Again, when it comes to working with Admob Ads, you’ve got to register with Google to get the appropriate id’s. In particular, you’ve got to get the unique id that’s assigned to your app. It is that id that’s used to initialize an instance of the plugin, firebase_admob. And so, when using this library package, it is that id that must be supplied to its constructor. See the screenshot below. Note, the red-bordered inset reveals the plugin being instantiated deep in the constructor taking in that id.
Further, the screenshot below demonstrates, if it’s not the constructor specifying the criteria, you’d have to individually specify the criteria to each type of Ad you’re presenting in your app — likely resulting in repeated code. Hence, more often than not, you’d enter the criteria once at the constructor.
Compound The Event
In review, the constructor can define the criteria for all the type of Ads you’ll be using in your app, and yet particular options can be added to a specific type of Ad. Doing so overrides any options supplied to the constructor. However, this is not the case when it comes to event listeners. For example, they are not overridden but are instead added on to those already supplied to the constructor. You’ll find a great number of events are triggered when dealing with Admob Ads.
In the screenshot below, the Interstitial ad will, in fact, fire two event listeners when it’s Ad is opened up. When it’s tapped on, first the listener in the constructor is fired, and then the listener defined in the function, setFullScreenAd() is fired — in the order in which they were defined.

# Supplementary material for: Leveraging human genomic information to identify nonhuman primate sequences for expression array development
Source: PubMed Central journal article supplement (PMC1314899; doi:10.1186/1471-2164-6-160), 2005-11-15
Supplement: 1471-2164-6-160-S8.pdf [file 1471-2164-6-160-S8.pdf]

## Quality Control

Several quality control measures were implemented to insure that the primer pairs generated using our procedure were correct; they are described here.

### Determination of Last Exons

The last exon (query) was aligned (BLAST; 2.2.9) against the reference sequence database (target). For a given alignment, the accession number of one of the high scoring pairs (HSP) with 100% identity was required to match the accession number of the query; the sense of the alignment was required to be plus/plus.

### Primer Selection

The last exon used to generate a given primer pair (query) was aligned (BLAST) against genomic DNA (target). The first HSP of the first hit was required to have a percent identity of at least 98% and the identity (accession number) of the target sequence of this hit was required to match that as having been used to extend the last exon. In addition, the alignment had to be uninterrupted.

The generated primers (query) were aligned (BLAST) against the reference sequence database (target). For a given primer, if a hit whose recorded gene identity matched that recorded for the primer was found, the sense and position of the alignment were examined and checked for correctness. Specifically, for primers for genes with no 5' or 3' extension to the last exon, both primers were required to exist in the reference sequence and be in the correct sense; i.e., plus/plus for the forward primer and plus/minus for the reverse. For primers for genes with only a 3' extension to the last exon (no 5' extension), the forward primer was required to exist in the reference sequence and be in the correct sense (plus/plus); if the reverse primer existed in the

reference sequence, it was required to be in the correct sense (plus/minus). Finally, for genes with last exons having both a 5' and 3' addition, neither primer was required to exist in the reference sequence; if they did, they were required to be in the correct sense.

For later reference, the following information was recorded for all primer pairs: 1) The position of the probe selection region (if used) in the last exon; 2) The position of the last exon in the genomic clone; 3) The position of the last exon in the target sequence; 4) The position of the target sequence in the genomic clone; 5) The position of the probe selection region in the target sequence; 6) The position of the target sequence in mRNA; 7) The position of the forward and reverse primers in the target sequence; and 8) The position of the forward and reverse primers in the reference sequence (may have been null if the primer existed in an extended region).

Looking back at the example code, you’ll see how a developer can define a great number of event handlers in their app with their Admob ads. For example, the code here defines no less than 28 event listeners to address a long list of triggered events. We’ll examine that fact shortly, but for now, let’s look at the event listeners currently defined in the example’s initState() function. They all pertain to the event that occurs when a user taps on the Ad and ‘opens it up’ to view its full advertisement.
As you may have already realized, there’s a named parameter called, listener, found in the constructor, in the setBannerAd(), in the setFullScreenAd(), in the setVideoAd() as well as their corresponding ‘show’ functions. In the example code below, if the Banner Ad was tapped on and the advertisement opened, three event listeners defined in the following would fire: in the Ads() constructor, in the function, ads.setBannerAd() and in the function, ads.showBannerAd() — in that order.
In Moving Pictures
Below are two gif files depicting the three event listeners fired in turn. Again, they occur when the Banner Ad is explicitly tapped on by the user.
Called With Every Open
Remember, however, the consistent factor here is that the listener defined in the constructor will ‘always’ be called. And so in the example code, regardless if it’s a Banner Ad, an Interstitial Ad, or a Video Ad, when it’s tapped opened the print() function passed to the constructor will be called. In other words, you can have specific listeners for a particular type of Ad, but the listener defined in the constructor, regardless of the type of Ad, will always fire.
Advertise The Event!